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How do these performances function? What is revealed, and concealed, by the collaborations Ferran’s subjects enact with these cloths? There is, I think, a doing and undoing being performed here—a kind of strange, formal ceremony followed by a release. In the major grid series of 38 images, the felt is being held in front of Ferran’s subjects. In response to a direction by the artist, 38 individual cloths are ‘presented’ to the camera, as the subjects simultaneously ‘hide’ behind them. It’s a little like a roll-call; the seriality of the cloths opens up to reveal particularities in similar ways to Ferran’s 2003 project. Geometries, folds, shadow, light and colour allocate difference within this delicate typology. Ferran has said that these photographs remind her of Walker Evans’ images of African masks taken in 1935. This builds a complex association, one of categorisation, colonisation and fetishisation. Most strongly, though, it figures the cloths themselves as a kind of mask, signs of human subjectivity that also act to conceal the wearer’s specificity. This association also enacts a shift in scale; the body becomes aligned with the face, shifting between the two registers. The ‘improvisations’ in Ferran’s suite of photographs are rather more wayward. As such, they resist the drive to categorisation that we might pursue in the grid works. Strangely, the role of the camera feels more predatory in these works. Ferran has sometimes shot from above, or maybe it’s just that the subjects are now engaged with the floor as they are enveloped by, tussle with, and are set in flight by these moving, folding, floating lengths of felt. What Ferran captures here is neither dance nor delirium, yet I am reminded of representations of the frenzied, trance-like dancing mania of tarantism, mythologised as both malady and cure. And of Beuys, again, bundled up in the folds of a large piece of grey felt in a cage shared with a coyote, his walking stick protruding from this uncanny form like a beseeching claw.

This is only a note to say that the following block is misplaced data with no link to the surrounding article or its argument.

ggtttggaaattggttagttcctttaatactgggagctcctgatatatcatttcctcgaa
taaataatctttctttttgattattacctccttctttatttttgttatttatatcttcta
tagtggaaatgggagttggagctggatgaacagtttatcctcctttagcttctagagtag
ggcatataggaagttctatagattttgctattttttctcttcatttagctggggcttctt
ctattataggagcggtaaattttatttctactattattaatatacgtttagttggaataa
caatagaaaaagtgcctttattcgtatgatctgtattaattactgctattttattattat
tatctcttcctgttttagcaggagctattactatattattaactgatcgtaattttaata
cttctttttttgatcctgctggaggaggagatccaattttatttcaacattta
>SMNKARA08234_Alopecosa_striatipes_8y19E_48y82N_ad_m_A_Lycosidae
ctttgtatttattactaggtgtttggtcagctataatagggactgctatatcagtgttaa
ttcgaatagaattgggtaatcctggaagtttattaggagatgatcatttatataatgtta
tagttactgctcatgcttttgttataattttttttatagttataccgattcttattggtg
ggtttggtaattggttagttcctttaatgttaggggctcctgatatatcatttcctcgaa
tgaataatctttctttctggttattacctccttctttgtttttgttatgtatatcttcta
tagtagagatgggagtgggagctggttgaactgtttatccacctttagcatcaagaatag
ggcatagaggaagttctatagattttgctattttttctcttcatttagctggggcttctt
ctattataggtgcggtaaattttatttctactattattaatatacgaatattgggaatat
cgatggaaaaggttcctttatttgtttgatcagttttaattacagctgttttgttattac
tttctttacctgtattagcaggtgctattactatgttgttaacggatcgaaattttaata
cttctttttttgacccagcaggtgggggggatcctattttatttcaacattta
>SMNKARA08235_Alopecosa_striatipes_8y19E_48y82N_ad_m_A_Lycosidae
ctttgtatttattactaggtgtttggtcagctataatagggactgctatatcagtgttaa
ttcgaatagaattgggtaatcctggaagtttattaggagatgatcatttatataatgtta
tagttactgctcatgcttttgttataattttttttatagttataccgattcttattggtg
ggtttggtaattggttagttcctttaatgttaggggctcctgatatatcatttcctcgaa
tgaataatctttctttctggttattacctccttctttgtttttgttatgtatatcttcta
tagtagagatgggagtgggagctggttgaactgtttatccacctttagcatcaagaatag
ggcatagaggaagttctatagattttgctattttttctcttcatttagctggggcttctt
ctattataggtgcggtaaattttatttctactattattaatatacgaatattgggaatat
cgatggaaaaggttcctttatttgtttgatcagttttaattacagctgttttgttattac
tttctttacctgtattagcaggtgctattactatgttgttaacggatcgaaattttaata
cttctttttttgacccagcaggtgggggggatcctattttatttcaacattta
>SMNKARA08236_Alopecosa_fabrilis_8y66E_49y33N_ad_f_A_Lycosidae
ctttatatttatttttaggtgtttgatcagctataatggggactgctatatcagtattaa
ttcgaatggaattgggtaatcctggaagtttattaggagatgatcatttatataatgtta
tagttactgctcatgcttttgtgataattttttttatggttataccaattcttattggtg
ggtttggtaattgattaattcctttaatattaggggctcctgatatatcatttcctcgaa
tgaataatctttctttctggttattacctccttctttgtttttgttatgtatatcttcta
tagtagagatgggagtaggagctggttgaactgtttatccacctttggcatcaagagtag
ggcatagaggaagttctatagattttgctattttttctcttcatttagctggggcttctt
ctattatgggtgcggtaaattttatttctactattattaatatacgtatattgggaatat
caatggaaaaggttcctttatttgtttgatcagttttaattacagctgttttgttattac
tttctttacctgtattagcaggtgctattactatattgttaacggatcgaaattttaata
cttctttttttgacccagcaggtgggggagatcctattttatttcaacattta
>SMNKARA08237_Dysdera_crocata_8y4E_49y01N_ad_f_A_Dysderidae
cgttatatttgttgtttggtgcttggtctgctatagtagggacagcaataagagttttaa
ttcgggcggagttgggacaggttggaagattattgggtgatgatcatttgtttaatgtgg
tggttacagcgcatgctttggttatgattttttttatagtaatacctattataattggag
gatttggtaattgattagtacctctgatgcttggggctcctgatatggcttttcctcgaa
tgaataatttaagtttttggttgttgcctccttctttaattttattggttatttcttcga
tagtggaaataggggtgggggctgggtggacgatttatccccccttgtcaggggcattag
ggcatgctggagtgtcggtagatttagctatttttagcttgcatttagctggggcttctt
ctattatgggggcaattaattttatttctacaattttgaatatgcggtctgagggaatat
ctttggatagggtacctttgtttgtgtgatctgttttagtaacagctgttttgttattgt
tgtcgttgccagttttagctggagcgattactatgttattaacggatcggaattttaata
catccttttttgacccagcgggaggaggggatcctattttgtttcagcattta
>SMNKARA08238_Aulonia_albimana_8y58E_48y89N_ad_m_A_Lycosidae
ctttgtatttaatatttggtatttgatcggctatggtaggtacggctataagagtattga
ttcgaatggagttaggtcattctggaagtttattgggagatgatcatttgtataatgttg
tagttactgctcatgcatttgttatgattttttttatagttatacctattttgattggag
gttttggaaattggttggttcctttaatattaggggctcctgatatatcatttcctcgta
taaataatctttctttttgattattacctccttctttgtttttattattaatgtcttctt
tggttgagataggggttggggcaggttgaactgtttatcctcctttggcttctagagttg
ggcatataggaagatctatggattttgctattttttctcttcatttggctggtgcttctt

Ferran has titled these works with names of birds. They are not the names of existing species, but ones she has conjured up, an exercise in imaginative invention, or perhaps reinvention. Further, growing up in New Zealand, I learnt that to feel like ‘a box of birds’ is to observe in oneself a liveliness, a sense of joie de vivre. But, like many casual turns of phrase, to describe a feeling of wellbeing in this way has always seemed slightly sinister to me, provoking as it does images of entrapment, likely panic, and of freedom curtailed. Ferran’s engagement is drawn more from Plato, who likened the mind to a cage of birds; in confusion our thoughts flutter from our grasp. Language and its meaning, like photography, are always slippery, a truth Ferran has always been alert to. Box of Birds is enlivened and activated by this knowledge, as well as her persistent engagement with the past, imagined in the present.
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Agitated thrush (back page) Tricoloured sylph
Performers: Tess de Quincey, Victoria Hunt, Linda Luke Image Details series: Box of Birds, 2013 Chorus
38 pigment prints 60 x 42 cm each, editions of 5 + 2AP
Pale-headed flycatcher Slender-throated warbler Night whistler Clamorous shrike Conspicuous kite Stonebird Agitated thrush Tricoloured sylph 72 x 48 cm, pigment prints editions of 5 + 2AP
60 x 80 cm, pigment print edition of 5 + 2AP
Thanks to: Isabella Andronos, Dianna and Tugi Balog, Vlad da Cunha, Les Blakebrough, Rowan Conroy, Bethan Donnelly, Nick Greenwich, Megan Hanson, Kyla McFarlane, Patrick Sullivan, Bronwyn Rennex, Sydney College of the Arts, University of Sydney Very special thanks to Tess, Victoria, and Linda.
This project has been assisted by the Australian Government through the Australia Council, its arts funding and advisory body.
36 Gosbell Street, Paddington NSW 2021 Australia tel 61 2 9331 7775 fax 61 2 9331 1648 email firstname.lastname@example.org web stillsgallery.com.au